Trustees of Trinity College v. Ferris, A97A1055

Decision Date11 September 1997
Docket NumberNo. A97A1055,A97A1055
Citation491 S.E.2d 909,228 Ga.App. 476
Parties, 121 Ed. Law Rep. 1167, 97 FCDR 3459 TRUSTEES OF TRINITY COLLEGE et al. v. FERRIS.
CourtGeorgia Court of Appeals

Woodall & MacKenzie, John T. Woodall, Peter A. Giusti, Savannah, for appellants.

Guy E. Davis, Jr., Atlanta, John P. Batson, Augusta, for appellee.


On March 29, 1991, while practicing for a collegiate rowing regatta in Augusta, Eric W. Ferris, a member of the Trinity College men's varsity team, was injured when he was struck in the back by another boat operated by members of the women's varsity team. He sued the Augusta Rowing Club, the host of the event; the Trustees of Trinity College; Steve Fluhr, his coach; Norman T. Graf, the coach of the women's team; and Serena Lau, the coxswain of the boat that struck him. On the eve of trial, Ferris dismissed Augusta Rowing Club with prejudice. During trial, he dismissed Lau, saying that she did nothing wrong. The jury returned a verdict for Ferris against the remaining defendants, and the defendants appeal, alleging numerous errors.

1. Because Ferris had signed a release document releasing all regatta participants from any claims except those arising out of gross negligence or wilful or wanton misconduct, the primary issue at trial was whether appellants were guilty of gross negligence. Appellants contend that the court erred in denying their motion for directed verdict because there was no evidence of gross negligence.

"[I]n considering a ruling on a motion for directed verdict, the evidence must be construed most favorably to the party opposing the motion.... [T]he standard of appellate review of the trial court's denial of a motion for a directed verdict is the 'any evidence' standard." (Punctuation omitted.) Mattox v. MARTA, 200 Ga.App. 697, 698(1), 409 S.E.2d 267 (1991).

The evidence revealed the following. Augusta Rowing Club was the sponsor of a rowing regatta to be held on Saturday, March 30, 1991. The Trinity College teams arrived a week early and practiced on the river every day. The race course was laid out in four lanes, with lane 1 closest to the Georgia shore and lane 4 closest to the South Carolina shore. The part of the river between the race course and the Georgia shore was designated lane 0, and the part between the race course and the South Carolina shore was designated lane 5. Prior to Friday, March 29, the traffic pattern for boats on the river was the usual counterclockwise or right-hand rule in effect for rivers. That is, boats were to proceed upstream on the right-hand side of the river and return on the left. However, on Friday, March 29, which was designated as practice day, the traffic pattern was changed to a left-hand rule to enable boats to practice on the actual course. On that day, boats were to proceed upstream on the left-hand side of the river along the race course, and, if they wished to continue practicing, return on the right-hand, or South Carolina, side (lane 5). If boats were finished practicing, they could return to the launch site along the left-hand side between lane 1 and the Georgia shore (lane 0). This left-hand rule was set forth in materials supplied to competing schools by the Augusta Rowing Club, which materials also provided that practice times were to begin at 8:00 a.m. on Friday morning.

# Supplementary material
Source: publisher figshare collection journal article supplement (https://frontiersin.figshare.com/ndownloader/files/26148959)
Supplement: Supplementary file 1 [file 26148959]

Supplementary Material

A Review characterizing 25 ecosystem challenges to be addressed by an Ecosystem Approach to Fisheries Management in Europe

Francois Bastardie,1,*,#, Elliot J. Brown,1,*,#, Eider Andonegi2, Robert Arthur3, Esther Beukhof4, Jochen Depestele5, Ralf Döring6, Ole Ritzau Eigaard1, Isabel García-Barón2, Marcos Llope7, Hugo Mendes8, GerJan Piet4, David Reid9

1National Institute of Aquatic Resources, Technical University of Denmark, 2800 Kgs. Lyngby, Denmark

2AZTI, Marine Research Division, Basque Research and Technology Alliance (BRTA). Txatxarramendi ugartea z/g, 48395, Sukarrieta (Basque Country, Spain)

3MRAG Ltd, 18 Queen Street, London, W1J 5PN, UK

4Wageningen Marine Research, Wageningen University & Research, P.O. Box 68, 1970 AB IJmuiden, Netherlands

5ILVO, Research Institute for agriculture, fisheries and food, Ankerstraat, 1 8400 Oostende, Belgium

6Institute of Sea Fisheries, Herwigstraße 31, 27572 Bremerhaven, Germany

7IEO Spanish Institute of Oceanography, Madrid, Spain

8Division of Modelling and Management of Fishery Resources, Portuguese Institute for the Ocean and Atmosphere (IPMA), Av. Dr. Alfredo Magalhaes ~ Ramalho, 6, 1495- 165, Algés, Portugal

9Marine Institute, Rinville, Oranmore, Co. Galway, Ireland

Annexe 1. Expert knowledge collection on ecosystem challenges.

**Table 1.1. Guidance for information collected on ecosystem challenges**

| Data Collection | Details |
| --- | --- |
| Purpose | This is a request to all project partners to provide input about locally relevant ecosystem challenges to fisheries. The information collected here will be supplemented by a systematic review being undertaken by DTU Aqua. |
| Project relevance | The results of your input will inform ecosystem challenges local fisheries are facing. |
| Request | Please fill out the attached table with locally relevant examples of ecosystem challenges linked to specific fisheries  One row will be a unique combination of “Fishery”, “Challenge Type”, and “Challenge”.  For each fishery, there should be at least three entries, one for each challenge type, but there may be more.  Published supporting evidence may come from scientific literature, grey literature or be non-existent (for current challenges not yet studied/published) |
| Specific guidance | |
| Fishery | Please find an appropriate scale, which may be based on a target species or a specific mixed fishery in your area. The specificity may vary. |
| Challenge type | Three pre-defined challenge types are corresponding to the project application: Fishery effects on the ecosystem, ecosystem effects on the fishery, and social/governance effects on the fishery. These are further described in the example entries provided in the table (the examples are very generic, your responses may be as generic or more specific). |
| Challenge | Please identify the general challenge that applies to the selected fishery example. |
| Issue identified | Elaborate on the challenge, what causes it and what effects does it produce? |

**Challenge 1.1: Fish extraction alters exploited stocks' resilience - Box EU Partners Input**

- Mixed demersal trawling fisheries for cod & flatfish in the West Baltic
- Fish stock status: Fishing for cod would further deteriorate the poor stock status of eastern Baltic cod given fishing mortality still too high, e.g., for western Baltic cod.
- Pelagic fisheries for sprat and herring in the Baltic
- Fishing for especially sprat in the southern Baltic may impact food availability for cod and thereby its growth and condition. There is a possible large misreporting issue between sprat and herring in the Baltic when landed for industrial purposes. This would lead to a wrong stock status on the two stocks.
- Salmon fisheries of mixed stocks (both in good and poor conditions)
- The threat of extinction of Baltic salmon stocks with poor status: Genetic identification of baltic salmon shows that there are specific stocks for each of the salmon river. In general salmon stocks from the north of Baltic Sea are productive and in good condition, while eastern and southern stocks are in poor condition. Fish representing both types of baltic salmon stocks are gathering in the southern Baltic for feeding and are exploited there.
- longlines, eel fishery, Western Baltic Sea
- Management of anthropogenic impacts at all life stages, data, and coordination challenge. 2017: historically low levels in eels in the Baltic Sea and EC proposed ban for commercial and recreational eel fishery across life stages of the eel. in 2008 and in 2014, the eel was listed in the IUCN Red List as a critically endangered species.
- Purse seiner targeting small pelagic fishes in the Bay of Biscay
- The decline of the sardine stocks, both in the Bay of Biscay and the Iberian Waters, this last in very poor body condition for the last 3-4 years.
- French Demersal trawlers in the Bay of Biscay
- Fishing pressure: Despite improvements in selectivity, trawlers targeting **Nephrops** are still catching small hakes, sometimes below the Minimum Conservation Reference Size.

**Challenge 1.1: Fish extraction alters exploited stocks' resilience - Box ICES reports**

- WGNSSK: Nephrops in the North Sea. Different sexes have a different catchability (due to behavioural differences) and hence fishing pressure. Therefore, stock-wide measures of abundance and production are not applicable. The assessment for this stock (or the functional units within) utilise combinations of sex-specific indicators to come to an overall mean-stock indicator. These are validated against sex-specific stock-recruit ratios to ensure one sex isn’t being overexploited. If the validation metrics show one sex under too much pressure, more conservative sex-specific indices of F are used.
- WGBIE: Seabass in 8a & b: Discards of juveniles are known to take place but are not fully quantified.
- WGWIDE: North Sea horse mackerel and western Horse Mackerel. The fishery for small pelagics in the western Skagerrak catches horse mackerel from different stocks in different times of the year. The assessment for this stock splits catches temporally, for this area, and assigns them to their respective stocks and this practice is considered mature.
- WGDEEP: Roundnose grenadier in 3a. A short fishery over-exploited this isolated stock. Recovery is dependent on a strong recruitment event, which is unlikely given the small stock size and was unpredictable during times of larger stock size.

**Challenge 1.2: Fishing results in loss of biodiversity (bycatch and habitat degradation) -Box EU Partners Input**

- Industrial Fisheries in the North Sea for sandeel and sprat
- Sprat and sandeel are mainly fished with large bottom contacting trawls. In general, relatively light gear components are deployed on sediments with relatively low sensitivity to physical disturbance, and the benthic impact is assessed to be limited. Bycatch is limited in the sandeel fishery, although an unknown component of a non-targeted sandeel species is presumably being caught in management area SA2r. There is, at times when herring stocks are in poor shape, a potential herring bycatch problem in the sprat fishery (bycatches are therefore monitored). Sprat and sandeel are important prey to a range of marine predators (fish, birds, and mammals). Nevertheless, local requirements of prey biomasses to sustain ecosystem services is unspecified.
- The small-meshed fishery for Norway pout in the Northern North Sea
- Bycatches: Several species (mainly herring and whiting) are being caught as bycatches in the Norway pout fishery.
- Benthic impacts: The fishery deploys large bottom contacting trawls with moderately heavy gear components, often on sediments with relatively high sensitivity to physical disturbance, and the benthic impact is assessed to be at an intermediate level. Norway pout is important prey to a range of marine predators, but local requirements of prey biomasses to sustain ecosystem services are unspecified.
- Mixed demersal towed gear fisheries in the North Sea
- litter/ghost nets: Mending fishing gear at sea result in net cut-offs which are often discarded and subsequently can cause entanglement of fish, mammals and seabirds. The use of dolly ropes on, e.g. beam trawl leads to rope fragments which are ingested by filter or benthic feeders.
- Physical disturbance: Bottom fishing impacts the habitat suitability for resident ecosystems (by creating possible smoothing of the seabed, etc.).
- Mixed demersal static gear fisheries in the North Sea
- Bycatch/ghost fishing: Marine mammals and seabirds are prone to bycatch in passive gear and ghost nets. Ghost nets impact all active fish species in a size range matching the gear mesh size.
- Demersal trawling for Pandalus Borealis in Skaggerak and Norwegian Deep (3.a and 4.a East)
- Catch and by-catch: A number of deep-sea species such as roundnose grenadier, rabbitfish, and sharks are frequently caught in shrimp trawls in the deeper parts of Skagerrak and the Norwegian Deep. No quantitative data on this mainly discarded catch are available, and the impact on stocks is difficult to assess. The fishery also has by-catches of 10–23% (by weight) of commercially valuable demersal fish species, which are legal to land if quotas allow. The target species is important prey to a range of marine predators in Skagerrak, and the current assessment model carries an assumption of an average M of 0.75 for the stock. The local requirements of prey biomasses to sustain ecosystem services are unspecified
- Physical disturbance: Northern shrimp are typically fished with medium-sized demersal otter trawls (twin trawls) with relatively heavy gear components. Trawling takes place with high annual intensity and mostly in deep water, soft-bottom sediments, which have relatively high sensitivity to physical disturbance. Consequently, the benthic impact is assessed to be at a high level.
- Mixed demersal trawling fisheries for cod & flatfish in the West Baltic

Steve Fluhr was the coach of the men's team at Trinity College, and also oversaw the entire rowing program. On Friday morning, he informed the crews of the two men's boats that the left-hand rule was in effect. The two boats put into the water some time before 8:00 a.m. and proceeded with a practice run up lanes 1 and 2, with Fluhr following in a motorized launch. Each boat consisted of eight male rowers and one female coxswain. Only the coxswain was facing in the direction the boat was traveling, and her view was partially obstructed by the rowers ahead of her.

Fluhr, by way of deposition, testified that he noticed a women's boat coming downstream towards them, but believed it was outside the race course, between lane 1 and the Georgia shore. A witness in one of the boats testified that he heard Fluhr tell the coxswains of the men's boats that the women were coming down the river. However, Fluhr did not tell the coxswains to stop. The women's boat collided with one of the men's boats, severely injuring Ferris.

Lau, the coxswain of the women's boat, testified that she was never informed by her coach, Graf, that the left-hand rule was in effect on the day of the accident. Graf, by way of deposition, testified that he could not remember whether he had informed his team of the changed traffic pattern, or whether he had seen the material provided by the Augusta River Club regarding traffic patterns on the practice day. Fluhr testified that he had provided Graf with such materials. He also testified that he believed Graf should have been in the water on a launch with the women's team at the time of the accident.